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NoVa Congressional Delegation Pushes for Funding for Major GW Parkway Rehab Work

Federal officials think they have a good shot at winning $126 million in grant funds to make a series of badly needed repairs on a long section of the GW Parkway, and Northern Virginia’s congressional delegation is throwing its weight behind the effort.

The National Park Service, which maintains the road, is currently applying for a hefty U.S. Department of Transportation grant to fund rehabilitation work on a roughly eight-mile-long stretch of the parkway, as it runs between the Spout Run Parkway in Rosslyn and I-495. Now, both of Virginia’s senators and three local members of Congress are lending their support to the funding push, in a bid to finally afford some changes on the aging roadway.

“The proposed project will address serious deterioration of the GWMP and implement significant safety improvements,” the lawmakers wrote in a Jan. 8 letter to Transportation Secretary Elaine Chao. “This project will improve a critical link in the National Capital Region’s transportation network while preserving the historical and cultural characteristics that make the parkway one of the most scenic roadways in the country. These proposed improvements will increase the safety of visitors while significantly extending the life of the parkway.”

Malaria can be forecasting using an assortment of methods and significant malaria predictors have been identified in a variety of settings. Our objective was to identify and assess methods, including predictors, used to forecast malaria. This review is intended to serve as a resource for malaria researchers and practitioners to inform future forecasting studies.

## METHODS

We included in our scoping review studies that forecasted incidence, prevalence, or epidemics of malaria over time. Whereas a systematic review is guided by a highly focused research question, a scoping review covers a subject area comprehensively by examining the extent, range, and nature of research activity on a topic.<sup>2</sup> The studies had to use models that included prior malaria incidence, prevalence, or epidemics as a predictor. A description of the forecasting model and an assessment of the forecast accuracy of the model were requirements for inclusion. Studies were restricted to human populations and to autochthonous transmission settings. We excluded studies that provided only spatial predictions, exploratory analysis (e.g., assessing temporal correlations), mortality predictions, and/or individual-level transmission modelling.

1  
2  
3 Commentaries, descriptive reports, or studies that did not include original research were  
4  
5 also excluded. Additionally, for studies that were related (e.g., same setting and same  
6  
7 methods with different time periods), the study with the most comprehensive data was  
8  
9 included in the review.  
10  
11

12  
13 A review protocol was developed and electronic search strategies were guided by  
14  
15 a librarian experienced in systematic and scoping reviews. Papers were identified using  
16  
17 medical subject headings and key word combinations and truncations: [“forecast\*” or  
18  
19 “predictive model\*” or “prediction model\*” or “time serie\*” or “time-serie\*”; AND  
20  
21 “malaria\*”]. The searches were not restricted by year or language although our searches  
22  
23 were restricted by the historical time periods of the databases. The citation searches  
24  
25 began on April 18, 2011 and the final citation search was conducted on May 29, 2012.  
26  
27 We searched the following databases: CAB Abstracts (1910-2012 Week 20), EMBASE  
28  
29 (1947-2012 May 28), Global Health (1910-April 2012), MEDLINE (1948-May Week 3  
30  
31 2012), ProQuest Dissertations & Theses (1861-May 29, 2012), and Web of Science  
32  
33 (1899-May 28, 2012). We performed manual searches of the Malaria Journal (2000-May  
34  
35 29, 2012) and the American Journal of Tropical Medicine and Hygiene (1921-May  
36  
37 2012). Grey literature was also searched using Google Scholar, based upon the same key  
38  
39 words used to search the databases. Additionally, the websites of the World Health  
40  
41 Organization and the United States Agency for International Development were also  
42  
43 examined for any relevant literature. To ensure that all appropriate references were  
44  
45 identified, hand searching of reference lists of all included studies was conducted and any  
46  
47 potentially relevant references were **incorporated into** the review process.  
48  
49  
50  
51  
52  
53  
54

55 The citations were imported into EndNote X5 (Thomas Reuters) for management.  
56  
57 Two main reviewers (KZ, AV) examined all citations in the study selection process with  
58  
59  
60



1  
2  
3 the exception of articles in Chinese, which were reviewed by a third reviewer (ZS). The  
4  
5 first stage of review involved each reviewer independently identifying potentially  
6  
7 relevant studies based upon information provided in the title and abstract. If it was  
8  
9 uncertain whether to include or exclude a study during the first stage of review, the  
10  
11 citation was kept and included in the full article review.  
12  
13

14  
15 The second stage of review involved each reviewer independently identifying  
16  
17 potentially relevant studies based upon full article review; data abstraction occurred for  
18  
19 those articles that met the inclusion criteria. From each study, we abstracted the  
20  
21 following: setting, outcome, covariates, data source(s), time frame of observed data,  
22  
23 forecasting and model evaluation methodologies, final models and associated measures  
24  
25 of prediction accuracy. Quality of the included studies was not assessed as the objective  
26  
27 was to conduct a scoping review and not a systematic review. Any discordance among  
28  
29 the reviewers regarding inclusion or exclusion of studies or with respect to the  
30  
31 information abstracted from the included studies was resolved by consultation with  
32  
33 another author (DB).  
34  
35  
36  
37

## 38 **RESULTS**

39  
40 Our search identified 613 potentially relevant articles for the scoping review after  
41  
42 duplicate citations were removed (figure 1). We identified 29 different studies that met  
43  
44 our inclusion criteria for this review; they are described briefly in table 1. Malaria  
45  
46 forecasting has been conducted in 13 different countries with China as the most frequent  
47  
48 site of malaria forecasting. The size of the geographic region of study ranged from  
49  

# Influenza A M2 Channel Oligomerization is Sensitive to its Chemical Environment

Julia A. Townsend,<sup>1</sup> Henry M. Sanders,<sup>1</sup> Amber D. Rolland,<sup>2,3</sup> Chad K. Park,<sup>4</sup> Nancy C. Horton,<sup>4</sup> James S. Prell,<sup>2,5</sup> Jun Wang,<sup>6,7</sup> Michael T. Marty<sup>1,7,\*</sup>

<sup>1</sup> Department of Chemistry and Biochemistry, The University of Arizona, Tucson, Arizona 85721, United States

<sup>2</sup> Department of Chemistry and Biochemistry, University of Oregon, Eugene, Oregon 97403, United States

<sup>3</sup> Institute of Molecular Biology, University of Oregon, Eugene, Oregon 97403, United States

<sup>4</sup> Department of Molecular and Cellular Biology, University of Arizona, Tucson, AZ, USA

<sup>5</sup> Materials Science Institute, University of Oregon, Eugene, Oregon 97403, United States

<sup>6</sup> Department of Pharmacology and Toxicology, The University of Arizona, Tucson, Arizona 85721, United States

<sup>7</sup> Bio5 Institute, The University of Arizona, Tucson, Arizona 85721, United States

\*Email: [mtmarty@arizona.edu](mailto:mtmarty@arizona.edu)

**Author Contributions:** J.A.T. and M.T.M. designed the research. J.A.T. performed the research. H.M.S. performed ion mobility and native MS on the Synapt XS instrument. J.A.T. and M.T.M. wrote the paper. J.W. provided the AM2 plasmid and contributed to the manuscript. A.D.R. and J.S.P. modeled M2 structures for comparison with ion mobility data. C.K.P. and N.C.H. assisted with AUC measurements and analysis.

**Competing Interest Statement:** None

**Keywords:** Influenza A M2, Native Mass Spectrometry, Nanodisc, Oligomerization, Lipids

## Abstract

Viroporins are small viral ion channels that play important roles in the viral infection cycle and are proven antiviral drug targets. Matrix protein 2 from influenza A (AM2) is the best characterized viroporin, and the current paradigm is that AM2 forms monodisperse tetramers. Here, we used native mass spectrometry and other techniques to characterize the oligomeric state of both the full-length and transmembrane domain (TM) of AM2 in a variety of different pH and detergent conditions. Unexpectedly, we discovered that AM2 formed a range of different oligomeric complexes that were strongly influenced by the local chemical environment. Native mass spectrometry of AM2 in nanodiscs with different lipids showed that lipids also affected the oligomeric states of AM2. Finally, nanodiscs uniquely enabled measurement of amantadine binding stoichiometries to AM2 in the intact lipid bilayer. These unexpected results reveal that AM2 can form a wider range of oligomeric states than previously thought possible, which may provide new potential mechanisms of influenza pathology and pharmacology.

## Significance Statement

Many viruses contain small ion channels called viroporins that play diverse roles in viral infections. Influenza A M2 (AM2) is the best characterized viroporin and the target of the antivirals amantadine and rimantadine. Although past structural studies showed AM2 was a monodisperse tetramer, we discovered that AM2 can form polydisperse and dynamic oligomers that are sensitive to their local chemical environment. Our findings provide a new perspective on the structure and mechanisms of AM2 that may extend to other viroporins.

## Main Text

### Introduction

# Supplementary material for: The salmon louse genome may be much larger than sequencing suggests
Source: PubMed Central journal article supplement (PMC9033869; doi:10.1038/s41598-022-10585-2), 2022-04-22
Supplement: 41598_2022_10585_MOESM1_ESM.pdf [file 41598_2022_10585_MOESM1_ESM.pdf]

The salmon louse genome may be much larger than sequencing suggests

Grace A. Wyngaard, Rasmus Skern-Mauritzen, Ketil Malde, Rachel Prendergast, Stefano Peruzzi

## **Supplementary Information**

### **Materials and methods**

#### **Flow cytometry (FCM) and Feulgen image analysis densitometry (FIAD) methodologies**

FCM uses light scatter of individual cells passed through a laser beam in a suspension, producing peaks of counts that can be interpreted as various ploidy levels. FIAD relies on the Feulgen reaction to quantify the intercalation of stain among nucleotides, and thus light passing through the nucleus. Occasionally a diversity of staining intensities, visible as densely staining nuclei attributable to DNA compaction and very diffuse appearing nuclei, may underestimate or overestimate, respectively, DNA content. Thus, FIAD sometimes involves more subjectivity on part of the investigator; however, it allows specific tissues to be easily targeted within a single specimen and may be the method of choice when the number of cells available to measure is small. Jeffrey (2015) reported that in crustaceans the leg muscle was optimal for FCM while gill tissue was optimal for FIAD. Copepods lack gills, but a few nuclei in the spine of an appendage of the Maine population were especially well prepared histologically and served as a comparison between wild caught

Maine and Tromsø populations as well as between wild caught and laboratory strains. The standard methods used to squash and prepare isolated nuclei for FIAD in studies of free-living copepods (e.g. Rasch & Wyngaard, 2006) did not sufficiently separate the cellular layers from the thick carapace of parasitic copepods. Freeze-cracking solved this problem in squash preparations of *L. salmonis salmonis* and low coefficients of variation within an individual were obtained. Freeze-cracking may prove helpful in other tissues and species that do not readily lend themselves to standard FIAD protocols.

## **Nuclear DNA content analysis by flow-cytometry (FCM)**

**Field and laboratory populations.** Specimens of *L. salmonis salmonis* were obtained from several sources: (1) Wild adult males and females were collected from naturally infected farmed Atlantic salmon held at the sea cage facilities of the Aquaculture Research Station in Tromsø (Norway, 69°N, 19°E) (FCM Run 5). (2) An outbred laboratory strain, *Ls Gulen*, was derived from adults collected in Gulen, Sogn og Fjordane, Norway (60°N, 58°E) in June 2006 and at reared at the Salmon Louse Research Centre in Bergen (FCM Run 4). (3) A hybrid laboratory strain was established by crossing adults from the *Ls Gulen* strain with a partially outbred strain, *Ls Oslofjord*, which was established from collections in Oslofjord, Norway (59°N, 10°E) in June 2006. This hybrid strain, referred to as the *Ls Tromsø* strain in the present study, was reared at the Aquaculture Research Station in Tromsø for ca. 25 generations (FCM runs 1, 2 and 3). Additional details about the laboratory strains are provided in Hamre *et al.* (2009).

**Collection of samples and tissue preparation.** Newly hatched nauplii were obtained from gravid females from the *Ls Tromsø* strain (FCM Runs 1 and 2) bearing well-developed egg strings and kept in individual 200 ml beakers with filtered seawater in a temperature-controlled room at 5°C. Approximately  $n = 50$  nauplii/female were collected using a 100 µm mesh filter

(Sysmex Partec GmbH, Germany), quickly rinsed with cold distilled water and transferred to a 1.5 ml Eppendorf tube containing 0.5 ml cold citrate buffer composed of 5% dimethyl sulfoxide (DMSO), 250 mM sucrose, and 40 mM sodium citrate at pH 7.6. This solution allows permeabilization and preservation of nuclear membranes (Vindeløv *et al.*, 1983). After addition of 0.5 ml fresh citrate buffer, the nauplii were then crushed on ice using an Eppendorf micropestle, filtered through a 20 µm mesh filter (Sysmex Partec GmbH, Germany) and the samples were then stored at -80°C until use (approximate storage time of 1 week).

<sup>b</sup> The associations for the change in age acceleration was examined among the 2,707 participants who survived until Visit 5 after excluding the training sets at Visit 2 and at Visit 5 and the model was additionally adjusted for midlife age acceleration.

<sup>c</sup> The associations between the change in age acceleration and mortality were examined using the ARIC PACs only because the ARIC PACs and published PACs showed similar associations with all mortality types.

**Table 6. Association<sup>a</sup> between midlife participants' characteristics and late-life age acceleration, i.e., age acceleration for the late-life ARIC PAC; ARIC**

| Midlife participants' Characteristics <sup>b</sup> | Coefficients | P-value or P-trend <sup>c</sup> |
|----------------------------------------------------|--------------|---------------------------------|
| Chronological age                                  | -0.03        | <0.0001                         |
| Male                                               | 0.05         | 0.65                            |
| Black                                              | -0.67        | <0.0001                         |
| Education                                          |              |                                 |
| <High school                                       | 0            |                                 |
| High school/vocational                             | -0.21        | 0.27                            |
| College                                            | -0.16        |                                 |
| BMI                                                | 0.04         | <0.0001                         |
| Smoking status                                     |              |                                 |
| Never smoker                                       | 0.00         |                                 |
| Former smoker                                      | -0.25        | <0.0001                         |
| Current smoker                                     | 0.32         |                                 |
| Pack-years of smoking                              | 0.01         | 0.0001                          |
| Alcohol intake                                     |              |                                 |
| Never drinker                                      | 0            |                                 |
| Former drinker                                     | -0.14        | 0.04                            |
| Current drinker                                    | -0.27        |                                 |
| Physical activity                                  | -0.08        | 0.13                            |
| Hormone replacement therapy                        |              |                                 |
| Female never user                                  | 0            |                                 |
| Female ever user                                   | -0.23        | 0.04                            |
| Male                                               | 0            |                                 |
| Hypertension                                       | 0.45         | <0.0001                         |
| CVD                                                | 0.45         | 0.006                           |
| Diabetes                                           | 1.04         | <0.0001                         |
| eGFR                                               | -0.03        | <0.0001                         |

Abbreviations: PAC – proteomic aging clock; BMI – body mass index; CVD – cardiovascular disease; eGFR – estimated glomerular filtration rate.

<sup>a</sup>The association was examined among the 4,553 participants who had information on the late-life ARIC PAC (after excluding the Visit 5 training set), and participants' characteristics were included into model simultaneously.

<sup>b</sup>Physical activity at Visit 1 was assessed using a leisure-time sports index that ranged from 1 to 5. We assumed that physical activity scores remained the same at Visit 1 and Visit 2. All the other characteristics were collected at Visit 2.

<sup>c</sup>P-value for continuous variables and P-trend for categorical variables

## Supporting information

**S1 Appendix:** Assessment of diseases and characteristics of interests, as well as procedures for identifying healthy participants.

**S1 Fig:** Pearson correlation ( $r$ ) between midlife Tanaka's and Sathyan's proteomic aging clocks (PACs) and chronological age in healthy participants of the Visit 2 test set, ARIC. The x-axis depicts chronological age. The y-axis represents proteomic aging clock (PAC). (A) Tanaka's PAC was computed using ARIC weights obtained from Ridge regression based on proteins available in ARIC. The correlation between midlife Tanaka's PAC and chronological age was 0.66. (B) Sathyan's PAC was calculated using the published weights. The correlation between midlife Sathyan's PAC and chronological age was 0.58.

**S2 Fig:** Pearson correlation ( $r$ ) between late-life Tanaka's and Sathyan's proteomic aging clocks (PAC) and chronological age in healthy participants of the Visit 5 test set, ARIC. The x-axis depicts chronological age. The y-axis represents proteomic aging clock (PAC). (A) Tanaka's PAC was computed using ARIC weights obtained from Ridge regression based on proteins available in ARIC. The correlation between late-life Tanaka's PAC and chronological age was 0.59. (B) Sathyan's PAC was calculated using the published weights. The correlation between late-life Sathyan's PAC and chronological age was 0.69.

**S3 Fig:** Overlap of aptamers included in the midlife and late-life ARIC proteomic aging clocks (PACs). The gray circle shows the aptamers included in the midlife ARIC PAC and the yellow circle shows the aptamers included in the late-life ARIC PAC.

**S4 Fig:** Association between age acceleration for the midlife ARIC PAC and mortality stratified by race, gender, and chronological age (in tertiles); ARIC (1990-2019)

Sens. Tim Kaine and Mark Warner (both D-Va.) both signed the letter, as did Virginia Reps. Don Beyer (D-8th District) and Jennifer Wexton (D-10th District). Rep. Eleanor Holmes Norton, D.C.’s lone, non-voting representative in Congress also added her support.

The NPS says the construction work, set to cost about $150 million in all, will start at the parkway’s Spout Run Parkway exit and include:

  • Making drives smoother by replacing the asphalt pavement
  • Replacing guardrails and repairing walls
  • Repairing stormwater management systems to keep excess water from damaging the road
  • Constructing new concrete curbs
  • Rehabilitating parts of two historic, scenic overlooks
  • Lengthening entrance and exit lanes at some interchanges

Officials also hope to use the cash to replace the stormwater drainage grates that line the parkway, which have long made for a bumpy ride for drivers. They’re also envisioning adding four “emergency turnarounds,” in order to allow police to more easily redirect drivers who stop on the road due to a crash or inclement weather.

The construction would also include improvements at the parkway’s interchange with Chain Bridge Road in McLean, like adding a new traffic signal to the area.

The lawmakers note in the letter that this northern stretch of the parkway was first built in 1962, and with more than 33 million vehicles using the road each year, it’s badly deteriorated in the decades since.

The NPS is hoping to win the funding through the Department of Transportation’s “Nationally Significant Federal Land and Tribal Projects” program. In a release, park service officials said they believe the project “will compete well” for cash through that program, given the parkway’s “significance” and the fact that the NPS has already wrapped up schematic design work for the construction.

If all goes well, officials hope to kick off construction sometime next year.

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